Best Practices In Agility Adoption

This piece is republished from a Forbes Business Council post by Andrea Fryrear on

The Pilot Approach

 When rolling out strategies to maximize agility—the ability to adapt and act quickly in your processes in order to deliver value more frequently to the market—within a large organization or department, the pilot approach is almost always the way to go. But what often goes unsaid is how much more powerful a particular strategy can become once it’s fully adopted by every team throughout an organization.
Agile pilot team

When taking the typical approach, a department or organization launches a pilot round of teams first. This way, you get the opportunity to see agility in action in the wild and learn about the nuances of its application and outcomes. No matter how many transformations you’ve seen, something out of the ordinary always seems to occur.

Based on the pilot outcomes, you’ll find yourself far better equipped to set up future teams, iterate on practices and adopt the appropriate tools and methods.

The Big Bang Transformation

Big bang transformations, on the other hand, take everyone agile at the same time—permanently, and all at once. This approach risks acting without evidence and making assumptions about people and teams, which can ultimately undermine the long-term success of agility. Reliable talent in these situations is often faced with burnout, infighting, and other frustrations.

The benefits of a pilot approach, as opposed to a big bang transformation, are well known in the agility community. But in this year’s State of Agile Marketing report, my team noticed an additional caveat to this model as a best practice.

Agility Is A Team Sport

Fully Agile teams

We discovered that of our client base, the third of our partners who were fully agile—meaning 100% of their teams had adopted agile ways of working—reported enjoying much greater benefits than their partially agile counterparts, as their teams felt better connected to the overall structure of the company and a greater sense of ownership of their role.

Fully agile teams were the most likely of all survey respondents to say they felt their department could handle fast-paced digital marketing work, take advantage of emerging opportunities and collaborate with their teams regardless of whether their work was being done remotely, in-person or in a hybrid model.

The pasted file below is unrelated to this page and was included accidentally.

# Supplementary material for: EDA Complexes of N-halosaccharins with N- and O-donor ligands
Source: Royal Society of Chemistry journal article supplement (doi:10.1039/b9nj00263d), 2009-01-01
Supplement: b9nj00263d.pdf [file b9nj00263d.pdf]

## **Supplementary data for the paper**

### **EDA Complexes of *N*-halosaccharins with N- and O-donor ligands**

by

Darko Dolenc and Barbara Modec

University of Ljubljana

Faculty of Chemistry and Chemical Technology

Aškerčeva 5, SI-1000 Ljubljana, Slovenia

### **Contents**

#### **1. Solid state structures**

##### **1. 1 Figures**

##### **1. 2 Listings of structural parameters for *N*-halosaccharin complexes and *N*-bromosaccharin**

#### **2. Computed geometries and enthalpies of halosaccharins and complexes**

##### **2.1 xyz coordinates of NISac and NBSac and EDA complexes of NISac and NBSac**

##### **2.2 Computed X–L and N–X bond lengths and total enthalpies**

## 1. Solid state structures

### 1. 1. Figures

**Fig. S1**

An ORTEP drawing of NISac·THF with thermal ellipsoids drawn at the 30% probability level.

These data seem to indicate that while pilots remain the current best model for starting an agile transformation, companies will maximize their chances of success by making a full switchover to agile as quickly as possible.

What Does It Mean To Be Fully Agile?

A fully agile marketing department means that every single team is an agile team, and there are none being run in the traditional waterfall style.

Practically speaking, this means that every individual team’s work is visualized in a workflow management tool of some kind, all teams employ some agile practices on a daily basis, and, typically, engagement with stakeholders and other teams has evolved to support agile processes.

Again, while only about a third of our clients’ teams had achieved full agility, over half said they had plans to get there eventually.

Benefits Of Full Marketing Agility

The transformation of an entire marketing department’s processes may seem like a tall order for those just getting started, but when you consider the data, the benefits of full agility are clear.

Traditional vs Agile teams

An individual team’s agility in our data was determined by their integration of at least some parts of an agile approach to manage their work. This could include daily standups, a backlog, sprints, kanban boards, etc. Agile teams have plans, but they’re flexible and can change frequently.

Traditional teams plan their work in advance using a lot of detail and try to stick as closely as possible to that plan. Agile teams use an ad hoc approach, taking into account a more complex profile of factors rather than feeling tied to long-term and potentially outdated plans. They work on what seems right from day to day and don’t have a well-defined process for managing incoming work.

What The Data Tells Us

Yes, transitioning from managing a few agile teams to an entire department’s worth can be a long and challenging road, but the data above paint a very clear picture of why it’s worth doing, as partially agile marketing departments were much closer in outcomes to those still working in traditional or ad hoc ways.

Adaptability, alignment with business objectives, and the ability to attack emerging opportunities—all of these were much more strongly correlated with full agility than partial implementations. If we want to see an impact from an Agile transformation, we need to plan to see it applied across an entire operation rather than just a few teams.

How To Achieve Full Agility

Of course, the big question is how to make this happen. The answer is not to fall back on a big bang transformation; you still need to start somewhere small. But even as you pilot, keep looking a few steps ahead on your agility journey. Be thinking about what team designs might make sense to follow your pilots. Consider setting up a transformation team to own the rollout and start developing long-term training plans to support teams for years, not just a few days. You won’t achieve full agility in a few months. This is a long-term commitment, and it should be resourced accordingly.


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